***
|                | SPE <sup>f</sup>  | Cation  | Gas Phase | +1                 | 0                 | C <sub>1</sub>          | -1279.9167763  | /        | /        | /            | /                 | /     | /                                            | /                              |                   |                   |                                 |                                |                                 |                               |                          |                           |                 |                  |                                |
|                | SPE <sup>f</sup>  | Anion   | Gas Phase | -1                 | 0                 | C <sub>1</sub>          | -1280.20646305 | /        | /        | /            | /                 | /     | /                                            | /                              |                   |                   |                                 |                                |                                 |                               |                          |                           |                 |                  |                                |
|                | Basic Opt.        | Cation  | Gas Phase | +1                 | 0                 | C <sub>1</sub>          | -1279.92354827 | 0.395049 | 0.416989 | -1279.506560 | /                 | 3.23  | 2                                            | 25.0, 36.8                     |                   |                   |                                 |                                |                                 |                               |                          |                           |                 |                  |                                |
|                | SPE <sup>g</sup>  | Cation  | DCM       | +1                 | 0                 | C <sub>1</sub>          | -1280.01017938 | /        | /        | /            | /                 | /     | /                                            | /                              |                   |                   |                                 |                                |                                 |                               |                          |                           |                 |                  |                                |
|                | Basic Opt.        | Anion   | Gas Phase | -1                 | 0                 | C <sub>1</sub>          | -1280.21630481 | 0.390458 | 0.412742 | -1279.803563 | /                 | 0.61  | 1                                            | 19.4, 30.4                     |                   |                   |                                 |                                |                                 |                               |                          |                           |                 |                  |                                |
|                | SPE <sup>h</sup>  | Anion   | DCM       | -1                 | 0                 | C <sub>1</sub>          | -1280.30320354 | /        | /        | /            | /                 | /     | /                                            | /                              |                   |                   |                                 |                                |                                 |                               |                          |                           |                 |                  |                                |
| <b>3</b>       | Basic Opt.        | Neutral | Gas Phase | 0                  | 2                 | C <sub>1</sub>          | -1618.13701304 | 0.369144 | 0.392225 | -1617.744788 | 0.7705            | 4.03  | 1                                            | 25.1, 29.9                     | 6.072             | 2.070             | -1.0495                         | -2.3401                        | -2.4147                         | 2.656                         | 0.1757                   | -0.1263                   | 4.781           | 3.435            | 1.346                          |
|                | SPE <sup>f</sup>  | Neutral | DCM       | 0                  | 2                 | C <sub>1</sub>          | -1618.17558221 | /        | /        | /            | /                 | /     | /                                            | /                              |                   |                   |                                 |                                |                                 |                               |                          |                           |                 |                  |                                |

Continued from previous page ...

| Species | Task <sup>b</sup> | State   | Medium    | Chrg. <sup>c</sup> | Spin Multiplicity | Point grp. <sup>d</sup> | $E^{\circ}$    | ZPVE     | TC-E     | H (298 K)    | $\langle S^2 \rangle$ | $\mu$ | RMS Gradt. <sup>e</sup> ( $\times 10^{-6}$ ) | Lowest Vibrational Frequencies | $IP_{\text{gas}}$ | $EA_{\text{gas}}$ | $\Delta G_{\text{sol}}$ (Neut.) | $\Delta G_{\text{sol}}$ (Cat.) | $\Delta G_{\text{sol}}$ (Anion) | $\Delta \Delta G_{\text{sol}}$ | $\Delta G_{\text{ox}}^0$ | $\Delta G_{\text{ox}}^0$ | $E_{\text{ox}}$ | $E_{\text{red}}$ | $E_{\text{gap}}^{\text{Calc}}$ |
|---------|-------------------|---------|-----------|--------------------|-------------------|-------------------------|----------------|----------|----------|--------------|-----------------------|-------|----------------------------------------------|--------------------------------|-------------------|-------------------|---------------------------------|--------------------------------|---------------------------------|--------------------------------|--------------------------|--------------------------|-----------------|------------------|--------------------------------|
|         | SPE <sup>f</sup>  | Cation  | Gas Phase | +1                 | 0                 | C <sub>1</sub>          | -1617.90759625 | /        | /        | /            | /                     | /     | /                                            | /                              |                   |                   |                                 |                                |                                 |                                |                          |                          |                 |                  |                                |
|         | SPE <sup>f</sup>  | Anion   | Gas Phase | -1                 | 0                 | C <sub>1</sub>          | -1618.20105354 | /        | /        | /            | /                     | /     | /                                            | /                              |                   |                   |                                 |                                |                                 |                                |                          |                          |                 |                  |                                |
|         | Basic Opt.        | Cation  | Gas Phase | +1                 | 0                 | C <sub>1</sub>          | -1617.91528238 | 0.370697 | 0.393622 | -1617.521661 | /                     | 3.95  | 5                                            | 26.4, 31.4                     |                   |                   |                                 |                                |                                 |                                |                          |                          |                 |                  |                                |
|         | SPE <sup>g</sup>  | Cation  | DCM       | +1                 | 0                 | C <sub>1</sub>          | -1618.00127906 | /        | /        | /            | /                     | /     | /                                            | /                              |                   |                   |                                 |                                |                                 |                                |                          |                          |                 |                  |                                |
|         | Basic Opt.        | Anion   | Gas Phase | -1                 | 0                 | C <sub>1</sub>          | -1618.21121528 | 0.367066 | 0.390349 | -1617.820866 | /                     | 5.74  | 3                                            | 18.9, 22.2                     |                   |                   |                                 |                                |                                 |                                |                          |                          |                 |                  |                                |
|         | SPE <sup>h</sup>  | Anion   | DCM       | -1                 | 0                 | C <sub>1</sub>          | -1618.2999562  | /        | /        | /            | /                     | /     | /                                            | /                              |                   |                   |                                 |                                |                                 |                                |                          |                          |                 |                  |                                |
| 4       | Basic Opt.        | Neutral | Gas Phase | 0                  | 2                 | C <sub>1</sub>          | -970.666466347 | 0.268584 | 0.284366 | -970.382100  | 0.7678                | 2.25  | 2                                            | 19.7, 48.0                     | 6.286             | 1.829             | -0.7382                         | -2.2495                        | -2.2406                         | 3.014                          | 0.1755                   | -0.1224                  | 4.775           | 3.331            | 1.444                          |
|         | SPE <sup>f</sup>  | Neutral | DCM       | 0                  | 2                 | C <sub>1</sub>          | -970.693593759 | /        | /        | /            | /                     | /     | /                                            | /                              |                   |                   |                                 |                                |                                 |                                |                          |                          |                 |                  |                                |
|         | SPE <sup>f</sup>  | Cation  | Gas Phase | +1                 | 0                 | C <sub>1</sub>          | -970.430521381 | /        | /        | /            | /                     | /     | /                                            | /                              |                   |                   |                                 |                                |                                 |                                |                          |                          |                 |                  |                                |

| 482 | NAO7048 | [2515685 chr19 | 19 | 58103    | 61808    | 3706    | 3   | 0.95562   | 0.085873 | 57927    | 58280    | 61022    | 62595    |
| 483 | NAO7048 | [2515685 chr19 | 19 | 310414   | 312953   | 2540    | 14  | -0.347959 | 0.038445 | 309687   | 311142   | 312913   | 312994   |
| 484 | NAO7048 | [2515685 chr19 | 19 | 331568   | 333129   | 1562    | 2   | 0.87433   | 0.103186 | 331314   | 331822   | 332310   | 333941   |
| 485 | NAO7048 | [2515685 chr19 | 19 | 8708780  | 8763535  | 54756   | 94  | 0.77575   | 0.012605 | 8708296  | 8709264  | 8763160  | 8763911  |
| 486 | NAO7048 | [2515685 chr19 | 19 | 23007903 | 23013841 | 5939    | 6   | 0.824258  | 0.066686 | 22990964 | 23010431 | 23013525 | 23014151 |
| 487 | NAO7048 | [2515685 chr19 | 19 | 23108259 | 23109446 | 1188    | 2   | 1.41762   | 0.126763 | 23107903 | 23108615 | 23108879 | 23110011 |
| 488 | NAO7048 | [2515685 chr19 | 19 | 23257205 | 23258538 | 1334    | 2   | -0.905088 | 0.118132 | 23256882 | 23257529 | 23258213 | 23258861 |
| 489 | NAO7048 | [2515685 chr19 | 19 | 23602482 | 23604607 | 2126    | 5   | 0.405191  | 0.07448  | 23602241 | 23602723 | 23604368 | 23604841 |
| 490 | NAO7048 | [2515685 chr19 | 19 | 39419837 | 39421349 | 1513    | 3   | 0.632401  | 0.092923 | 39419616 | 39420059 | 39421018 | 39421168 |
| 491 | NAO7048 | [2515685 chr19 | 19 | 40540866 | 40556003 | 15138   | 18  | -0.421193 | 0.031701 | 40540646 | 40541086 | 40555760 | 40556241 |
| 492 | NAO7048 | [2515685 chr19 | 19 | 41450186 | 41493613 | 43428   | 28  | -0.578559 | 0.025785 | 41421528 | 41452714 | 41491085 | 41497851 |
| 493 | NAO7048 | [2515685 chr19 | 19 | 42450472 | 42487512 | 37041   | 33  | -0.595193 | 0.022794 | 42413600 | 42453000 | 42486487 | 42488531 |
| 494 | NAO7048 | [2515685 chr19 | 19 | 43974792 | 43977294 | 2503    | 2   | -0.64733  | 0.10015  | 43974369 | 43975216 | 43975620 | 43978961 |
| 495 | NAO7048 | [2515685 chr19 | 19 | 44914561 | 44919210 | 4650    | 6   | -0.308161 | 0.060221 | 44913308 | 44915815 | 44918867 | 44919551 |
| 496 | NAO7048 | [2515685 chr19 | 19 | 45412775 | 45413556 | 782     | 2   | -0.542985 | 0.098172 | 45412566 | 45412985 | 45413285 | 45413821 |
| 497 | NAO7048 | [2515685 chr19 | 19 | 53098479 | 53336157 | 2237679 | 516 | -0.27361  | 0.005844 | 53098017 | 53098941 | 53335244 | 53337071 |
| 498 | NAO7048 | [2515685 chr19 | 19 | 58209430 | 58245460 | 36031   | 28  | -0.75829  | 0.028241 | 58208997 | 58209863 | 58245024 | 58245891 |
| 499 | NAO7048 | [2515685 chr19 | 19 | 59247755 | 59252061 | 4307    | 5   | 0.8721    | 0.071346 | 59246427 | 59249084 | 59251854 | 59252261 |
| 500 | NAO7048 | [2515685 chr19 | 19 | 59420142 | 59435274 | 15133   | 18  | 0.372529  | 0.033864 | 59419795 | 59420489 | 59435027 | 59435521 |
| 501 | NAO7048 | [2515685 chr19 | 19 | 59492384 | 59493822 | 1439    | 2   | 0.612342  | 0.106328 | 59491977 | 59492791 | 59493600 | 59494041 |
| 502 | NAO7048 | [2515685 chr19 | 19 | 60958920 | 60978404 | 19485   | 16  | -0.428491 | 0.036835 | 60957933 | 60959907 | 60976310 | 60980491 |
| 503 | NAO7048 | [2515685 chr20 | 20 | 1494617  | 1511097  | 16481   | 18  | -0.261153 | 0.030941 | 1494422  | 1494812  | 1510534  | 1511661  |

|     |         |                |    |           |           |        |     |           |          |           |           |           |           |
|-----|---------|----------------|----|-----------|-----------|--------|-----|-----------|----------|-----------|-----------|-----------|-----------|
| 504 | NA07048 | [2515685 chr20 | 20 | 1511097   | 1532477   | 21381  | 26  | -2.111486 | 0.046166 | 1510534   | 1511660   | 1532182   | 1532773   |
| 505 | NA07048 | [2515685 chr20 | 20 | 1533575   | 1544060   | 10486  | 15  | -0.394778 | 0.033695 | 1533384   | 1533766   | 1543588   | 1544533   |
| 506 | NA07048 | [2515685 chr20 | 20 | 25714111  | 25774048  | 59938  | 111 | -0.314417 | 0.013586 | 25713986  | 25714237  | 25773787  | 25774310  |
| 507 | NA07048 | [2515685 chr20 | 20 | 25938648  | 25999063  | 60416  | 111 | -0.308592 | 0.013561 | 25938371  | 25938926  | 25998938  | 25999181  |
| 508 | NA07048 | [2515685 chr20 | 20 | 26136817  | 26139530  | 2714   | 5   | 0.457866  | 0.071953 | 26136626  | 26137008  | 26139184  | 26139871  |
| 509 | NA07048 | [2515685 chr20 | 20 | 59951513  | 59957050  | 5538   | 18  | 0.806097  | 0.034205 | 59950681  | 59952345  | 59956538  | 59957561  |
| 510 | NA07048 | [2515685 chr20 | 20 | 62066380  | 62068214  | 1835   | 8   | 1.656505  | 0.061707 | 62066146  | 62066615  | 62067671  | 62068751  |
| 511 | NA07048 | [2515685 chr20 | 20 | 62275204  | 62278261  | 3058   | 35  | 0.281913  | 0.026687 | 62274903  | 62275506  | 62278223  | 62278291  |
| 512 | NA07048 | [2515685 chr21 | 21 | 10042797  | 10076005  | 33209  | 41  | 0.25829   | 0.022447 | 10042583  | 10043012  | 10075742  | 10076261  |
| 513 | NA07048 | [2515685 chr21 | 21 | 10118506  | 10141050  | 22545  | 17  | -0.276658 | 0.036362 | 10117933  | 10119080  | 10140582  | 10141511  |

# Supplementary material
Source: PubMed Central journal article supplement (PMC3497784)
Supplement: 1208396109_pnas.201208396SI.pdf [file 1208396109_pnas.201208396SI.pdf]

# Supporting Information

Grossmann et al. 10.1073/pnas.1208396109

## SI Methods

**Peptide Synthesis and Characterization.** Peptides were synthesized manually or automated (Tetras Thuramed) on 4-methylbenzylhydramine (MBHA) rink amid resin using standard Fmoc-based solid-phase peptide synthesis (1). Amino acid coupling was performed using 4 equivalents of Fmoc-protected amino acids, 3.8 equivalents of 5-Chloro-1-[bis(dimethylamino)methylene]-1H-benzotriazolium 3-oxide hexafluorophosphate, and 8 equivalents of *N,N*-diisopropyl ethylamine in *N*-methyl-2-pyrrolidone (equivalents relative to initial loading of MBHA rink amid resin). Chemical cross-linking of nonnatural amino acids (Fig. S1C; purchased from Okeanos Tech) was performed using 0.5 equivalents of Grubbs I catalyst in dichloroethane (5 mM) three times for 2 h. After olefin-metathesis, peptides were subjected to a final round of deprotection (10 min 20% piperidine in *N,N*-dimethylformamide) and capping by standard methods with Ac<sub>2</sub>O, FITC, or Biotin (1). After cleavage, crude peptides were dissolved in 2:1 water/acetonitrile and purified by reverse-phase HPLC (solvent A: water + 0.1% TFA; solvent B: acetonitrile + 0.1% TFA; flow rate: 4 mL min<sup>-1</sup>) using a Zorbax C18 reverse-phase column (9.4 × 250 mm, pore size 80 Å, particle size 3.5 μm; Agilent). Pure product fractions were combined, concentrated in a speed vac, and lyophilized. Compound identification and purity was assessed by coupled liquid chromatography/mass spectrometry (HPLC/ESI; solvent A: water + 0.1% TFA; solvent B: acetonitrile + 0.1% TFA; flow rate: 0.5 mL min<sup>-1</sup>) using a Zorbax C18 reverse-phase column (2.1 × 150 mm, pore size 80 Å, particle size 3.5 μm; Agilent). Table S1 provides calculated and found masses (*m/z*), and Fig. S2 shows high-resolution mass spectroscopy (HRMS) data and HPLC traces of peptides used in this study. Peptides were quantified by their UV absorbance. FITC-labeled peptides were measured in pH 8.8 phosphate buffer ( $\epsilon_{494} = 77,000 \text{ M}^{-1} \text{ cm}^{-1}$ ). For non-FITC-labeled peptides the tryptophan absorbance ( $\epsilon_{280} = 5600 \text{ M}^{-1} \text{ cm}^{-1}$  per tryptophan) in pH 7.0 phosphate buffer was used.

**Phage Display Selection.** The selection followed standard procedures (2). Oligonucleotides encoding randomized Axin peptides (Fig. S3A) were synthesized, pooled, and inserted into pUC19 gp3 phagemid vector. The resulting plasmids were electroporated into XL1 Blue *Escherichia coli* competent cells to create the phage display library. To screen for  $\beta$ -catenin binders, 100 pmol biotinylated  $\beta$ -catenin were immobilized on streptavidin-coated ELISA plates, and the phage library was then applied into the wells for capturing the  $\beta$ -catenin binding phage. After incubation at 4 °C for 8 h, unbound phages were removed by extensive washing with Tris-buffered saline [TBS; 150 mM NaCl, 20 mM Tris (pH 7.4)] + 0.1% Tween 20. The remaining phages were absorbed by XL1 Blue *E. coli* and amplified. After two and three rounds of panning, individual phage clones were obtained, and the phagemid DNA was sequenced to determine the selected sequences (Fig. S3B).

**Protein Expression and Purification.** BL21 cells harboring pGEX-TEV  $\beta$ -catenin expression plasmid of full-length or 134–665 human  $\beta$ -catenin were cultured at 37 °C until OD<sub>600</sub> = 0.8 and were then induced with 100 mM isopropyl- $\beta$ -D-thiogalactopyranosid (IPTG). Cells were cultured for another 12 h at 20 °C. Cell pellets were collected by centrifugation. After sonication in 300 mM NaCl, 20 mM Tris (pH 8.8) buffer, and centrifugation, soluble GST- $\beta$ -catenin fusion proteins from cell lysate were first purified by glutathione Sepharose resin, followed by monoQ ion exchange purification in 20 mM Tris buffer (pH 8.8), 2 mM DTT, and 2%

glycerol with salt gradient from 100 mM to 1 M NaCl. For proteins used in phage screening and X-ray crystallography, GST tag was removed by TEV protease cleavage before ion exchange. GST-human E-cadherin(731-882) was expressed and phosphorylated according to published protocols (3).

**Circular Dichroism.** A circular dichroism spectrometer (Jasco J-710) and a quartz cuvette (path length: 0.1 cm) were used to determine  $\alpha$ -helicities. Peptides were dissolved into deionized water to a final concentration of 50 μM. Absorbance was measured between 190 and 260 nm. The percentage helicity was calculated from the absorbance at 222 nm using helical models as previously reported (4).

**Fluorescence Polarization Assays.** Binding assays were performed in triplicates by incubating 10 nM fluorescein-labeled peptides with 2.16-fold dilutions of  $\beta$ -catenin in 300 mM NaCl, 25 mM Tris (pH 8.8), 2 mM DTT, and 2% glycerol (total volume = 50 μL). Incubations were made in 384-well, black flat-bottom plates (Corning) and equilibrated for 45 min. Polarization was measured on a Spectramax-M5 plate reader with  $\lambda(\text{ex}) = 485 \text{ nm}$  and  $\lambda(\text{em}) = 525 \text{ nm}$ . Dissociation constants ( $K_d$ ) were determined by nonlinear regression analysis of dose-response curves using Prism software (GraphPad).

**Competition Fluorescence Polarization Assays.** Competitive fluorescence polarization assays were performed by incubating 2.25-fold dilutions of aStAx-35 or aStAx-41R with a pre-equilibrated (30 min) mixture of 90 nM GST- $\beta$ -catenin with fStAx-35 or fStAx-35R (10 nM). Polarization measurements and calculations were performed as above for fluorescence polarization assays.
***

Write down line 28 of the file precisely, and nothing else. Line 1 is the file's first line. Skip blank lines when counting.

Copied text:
| 489 | NAO7048 | [2515685 chr19 | 19 | 23602482 | 23604607 | 2126    | 5   | 0.405191  | 0.07448  | 23602241 | 23602723 | 23604368 | 23604841 |